February 26, 2024

After Roe v. Wade, more patients are relying on early prenatal testing as states tighten abortion laws

WASHINGTON (AP) — In Utah, more of Dr. Cara Heuser’s maternal-fetal medicine patients are requesting early ultrasounds, hoping to detect serious problems in time to decide whether to continue the pregnancy or have an abortion.

In North Carolina, more and more obstetric patients are trusting Dr. Clayton Alfonso and colleagues on early genetic screenings that do not yield a definitive diagnosis.

The reason? New state abortion restrictions mean the clock is ticking.

Since Roe v. Wade was overturnedMany health care providers say an increasing number of patients are deciding the fate of their pregnancies based on the information they can gather before state bans take effect. But early ultrasounds reveal much less about a fetus’s condition than later ultrasounds. And genetic screens can be inaccurate.

When you find out your fetus has a serious problem, “you’re in crisis mode,” says Sabrina Fletcher, a doula who has helped women in this predicament. “You don’t think about legal repercussions and (state) cutoff dates, and yet we’re forced to do that.”

About half of states ban or restrict abortion after a certain point in pregnancy. In Utah it is generally illegal after 18 weeks; in North Carolina, after 12 weeks.

This leaves millions of women in roughly 14 states without the option to get follow-up diagnostic tests in time to potentially have an abortion there if they wanted to. a newspaper published last March in the journal Obstetrics and Gynecology. Even more states are cutting off abortion too early for ultrasounds during pregnancy.

“More people are trying to discover these things earlier to try to fit within the confines of laws that, in my opinion, have no place in medical practice,” says Alfonso, a gynecologist at Duke University.


When done at the right time, doctors say prenatal testing can identify problems and help parents decide whether to continue the pregnancy or prepare for a baby’s complex needs after delivery.

One of the most common tests is the 20-week ultrasound, also called an ‘anatomy scan’. It checks the heart, brain, spine, limbs and other parts of the fetus’s body, looking for signs of congenital problems. It can detect things like brain, spinal and heart abnormalities and signs of chromosomal problems like Down syndrome. Follow-up testing may be necessary to make a diagnosis.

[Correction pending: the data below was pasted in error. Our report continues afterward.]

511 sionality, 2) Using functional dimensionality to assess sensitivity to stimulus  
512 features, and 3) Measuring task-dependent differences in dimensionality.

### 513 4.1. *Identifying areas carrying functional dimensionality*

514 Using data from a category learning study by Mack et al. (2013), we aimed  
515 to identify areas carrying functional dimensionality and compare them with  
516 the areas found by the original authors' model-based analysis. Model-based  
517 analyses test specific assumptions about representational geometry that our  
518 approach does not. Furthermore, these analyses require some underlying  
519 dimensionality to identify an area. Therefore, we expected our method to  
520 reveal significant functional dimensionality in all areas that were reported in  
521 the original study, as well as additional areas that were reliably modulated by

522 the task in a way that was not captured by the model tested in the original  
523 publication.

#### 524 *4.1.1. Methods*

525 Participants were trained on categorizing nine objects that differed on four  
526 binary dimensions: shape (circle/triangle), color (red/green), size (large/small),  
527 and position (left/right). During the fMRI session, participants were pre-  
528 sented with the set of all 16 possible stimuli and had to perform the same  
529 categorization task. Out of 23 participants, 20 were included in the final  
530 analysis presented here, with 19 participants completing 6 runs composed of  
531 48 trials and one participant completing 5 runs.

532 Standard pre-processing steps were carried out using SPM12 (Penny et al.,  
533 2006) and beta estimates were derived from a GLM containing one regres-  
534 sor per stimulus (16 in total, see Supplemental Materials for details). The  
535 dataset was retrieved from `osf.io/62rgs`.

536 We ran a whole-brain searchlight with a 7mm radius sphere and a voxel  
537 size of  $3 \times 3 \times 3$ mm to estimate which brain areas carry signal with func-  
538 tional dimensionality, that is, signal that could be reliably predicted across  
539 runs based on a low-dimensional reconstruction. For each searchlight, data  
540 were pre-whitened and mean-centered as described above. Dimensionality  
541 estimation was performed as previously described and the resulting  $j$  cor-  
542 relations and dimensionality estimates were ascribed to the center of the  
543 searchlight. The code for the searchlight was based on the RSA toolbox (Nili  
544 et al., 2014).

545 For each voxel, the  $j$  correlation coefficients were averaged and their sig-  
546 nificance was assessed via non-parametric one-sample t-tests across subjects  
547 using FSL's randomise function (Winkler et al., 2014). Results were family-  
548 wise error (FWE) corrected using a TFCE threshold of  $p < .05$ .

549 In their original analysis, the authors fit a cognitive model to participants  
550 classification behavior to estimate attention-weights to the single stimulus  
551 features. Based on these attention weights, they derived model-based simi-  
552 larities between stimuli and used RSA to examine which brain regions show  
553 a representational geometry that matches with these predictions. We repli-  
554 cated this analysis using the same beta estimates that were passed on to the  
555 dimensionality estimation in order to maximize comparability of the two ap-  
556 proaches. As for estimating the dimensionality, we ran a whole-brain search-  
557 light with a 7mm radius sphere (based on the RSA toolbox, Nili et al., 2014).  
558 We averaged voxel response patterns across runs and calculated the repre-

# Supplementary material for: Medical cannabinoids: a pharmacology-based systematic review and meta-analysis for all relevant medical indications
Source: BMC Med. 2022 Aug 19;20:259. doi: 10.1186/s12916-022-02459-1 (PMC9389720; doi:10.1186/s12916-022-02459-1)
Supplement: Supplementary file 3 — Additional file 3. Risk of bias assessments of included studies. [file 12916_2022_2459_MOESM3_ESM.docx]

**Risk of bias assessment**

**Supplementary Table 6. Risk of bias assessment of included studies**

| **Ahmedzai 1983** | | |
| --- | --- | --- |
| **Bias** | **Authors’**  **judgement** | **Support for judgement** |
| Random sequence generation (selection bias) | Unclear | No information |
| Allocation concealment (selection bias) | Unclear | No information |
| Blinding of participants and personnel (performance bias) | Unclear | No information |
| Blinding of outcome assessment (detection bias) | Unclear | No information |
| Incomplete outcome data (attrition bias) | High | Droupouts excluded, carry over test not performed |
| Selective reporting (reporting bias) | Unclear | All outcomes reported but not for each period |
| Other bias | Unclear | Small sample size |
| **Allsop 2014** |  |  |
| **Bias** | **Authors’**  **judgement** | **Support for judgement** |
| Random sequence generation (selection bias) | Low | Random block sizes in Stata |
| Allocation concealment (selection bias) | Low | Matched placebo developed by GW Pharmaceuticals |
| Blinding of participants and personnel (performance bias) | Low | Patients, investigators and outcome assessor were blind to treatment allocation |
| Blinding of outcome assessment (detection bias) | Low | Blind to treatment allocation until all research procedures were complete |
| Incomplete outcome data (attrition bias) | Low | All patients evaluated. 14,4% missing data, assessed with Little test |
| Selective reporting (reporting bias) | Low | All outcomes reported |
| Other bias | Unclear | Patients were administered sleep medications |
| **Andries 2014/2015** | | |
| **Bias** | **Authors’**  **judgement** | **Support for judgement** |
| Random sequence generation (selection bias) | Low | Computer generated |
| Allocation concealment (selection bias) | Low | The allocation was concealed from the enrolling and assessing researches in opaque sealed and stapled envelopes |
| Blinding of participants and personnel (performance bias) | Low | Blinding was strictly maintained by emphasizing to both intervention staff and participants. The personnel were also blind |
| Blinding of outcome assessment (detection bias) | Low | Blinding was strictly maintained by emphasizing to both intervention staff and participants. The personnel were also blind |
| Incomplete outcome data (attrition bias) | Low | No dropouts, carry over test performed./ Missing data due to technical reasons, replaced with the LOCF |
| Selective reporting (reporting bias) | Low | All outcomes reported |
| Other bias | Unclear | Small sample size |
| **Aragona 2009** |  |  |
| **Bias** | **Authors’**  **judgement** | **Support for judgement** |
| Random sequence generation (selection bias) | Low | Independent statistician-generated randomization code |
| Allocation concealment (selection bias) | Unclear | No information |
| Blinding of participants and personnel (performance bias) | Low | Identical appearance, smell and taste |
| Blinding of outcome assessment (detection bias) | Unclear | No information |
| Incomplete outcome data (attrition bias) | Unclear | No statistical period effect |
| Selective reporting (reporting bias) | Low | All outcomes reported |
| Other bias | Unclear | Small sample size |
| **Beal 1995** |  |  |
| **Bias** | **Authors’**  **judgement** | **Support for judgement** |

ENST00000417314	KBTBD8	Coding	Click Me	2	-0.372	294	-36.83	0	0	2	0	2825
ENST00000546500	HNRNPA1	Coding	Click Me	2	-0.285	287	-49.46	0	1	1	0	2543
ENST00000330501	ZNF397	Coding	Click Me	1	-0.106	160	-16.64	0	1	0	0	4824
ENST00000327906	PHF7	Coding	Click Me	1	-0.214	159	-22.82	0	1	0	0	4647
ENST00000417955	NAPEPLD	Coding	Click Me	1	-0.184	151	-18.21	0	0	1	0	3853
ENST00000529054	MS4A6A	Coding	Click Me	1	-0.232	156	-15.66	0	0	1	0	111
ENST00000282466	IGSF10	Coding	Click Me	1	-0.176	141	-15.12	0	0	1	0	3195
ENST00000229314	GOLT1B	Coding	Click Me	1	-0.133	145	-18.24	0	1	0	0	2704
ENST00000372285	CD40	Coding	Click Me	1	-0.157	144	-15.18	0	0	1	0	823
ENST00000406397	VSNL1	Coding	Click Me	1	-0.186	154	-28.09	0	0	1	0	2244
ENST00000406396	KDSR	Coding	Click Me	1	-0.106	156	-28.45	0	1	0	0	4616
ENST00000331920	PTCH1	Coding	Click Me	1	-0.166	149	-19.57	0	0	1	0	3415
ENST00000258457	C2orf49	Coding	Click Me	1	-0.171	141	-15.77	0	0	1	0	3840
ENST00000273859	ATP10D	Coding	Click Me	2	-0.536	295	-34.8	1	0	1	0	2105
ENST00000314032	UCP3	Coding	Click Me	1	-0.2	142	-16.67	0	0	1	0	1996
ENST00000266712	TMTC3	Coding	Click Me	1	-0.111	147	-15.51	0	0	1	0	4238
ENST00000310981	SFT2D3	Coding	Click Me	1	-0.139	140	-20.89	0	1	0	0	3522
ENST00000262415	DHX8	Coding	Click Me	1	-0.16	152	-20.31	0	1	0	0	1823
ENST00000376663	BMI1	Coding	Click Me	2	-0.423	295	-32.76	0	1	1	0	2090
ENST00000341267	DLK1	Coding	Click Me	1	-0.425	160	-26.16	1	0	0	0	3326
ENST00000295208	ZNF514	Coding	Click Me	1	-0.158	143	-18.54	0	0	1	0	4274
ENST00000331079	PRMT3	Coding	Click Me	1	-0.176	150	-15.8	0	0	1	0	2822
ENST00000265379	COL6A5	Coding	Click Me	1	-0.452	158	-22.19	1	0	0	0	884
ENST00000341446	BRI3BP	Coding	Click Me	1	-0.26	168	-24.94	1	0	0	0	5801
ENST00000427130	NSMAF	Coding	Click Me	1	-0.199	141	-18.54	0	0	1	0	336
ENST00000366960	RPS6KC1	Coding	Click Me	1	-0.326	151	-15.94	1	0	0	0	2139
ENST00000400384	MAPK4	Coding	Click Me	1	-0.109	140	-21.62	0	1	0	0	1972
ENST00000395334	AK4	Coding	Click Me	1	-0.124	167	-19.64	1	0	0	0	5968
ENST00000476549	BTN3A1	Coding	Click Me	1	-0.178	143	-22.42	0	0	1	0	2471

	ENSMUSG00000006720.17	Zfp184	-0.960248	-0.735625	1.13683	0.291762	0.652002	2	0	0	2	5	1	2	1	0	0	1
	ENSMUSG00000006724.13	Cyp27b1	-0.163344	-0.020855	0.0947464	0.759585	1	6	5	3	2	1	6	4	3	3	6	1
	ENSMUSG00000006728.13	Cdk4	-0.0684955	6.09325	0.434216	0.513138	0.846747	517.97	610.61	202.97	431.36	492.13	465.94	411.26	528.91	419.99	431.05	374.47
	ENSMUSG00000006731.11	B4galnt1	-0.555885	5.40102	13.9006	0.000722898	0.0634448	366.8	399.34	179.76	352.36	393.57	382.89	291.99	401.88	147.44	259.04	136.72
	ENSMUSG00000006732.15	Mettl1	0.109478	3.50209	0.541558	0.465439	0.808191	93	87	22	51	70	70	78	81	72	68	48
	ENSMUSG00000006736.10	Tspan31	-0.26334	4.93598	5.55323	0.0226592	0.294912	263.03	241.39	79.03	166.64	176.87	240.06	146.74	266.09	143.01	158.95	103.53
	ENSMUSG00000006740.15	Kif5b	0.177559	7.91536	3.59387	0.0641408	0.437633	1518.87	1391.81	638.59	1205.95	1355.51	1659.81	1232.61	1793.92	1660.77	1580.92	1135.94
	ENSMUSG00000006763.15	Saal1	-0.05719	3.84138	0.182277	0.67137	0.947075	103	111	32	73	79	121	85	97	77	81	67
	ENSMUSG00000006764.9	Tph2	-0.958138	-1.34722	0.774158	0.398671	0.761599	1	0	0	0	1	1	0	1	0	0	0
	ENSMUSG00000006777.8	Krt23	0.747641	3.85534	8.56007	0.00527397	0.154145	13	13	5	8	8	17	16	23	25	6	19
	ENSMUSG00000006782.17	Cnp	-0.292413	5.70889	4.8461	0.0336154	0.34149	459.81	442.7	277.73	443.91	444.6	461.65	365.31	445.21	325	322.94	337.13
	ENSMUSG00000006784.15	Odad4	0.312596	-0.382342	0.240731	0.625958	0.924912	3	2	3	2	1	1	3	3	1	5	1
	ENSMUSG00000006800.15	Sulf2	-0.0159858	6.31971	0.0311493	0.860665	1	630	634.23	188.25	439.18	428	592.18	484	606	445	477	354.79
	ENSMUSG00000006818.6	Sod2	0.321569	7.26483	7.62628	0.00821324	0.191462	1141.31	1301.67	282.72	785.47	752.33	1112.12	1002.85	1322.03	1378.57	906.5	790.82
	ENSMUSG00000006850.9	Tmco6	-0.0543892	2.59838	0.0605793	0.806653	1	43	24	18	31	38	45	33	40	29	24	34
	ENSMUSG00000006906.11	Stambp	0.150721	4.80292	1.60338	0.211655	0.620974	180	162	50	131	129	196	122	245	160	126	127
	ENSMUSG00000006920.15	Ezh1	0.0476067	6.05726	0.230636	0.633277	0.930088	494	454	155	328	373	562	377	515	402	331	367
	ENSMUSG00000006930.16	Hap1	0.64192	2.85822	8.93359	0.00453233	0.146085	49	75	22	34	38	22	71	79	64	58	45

The types of ultrasounds patients receive – and when to have one during pregnancy – can vary depending on the patient’s risk level, as well as the equipment and policies each practice has in place. For example, some women may have a first-trimester ultrasound to estimate a due date or to check for multiple fetuses. But it’s not standard practice because it’s too early to see many limbs and organs of the fetus in detail, says the American College of Obstetricians and Gynecologists.

It’s impossible to spot problems like serious heart defects before mid-pregnancy because the fetus is so small, Heuser said. Nevertheless, she said, more and more patients are getting ultrasounds at 10 to 13 weeks to access abortion if necessary.

Experts say there are no statistics on exactly how many people opt for early ultrasounds or make choices based on them. But some health care providers say they have noticed an increase in requests for the scans, including Missouri genetic counselor Chelsea Wagner. She sees patients from across the country via telehealth, regularly discussing the results of ultrasounds and genetic tests.

Wagner said these early ultrasounds can’t provide the certainty patients are looking for because “you can’t give someone an ‘all looks good’ or a clean bill of health after an ultrasound at 10 weeks.”

Doctors also cannot make a definitive diagnosis based on a genetic screening, which is carried out after a pregnancy of ten weeks or later.

Also called “non-invasive prenatal tests,” these screenings are designed to detect abnormalities in fetal DNA by looking at small, free-floating fragments circulating in a pregnant woman’s blood.

They screen for chromosomal abnormalities such as trisomy 13 and 18, which often end in miscarriage or stillbirth, Down syndrome and extra or missing copies of sex chromosomes.

The accuracy of these tests varies by condition, but none are considered diagnostic.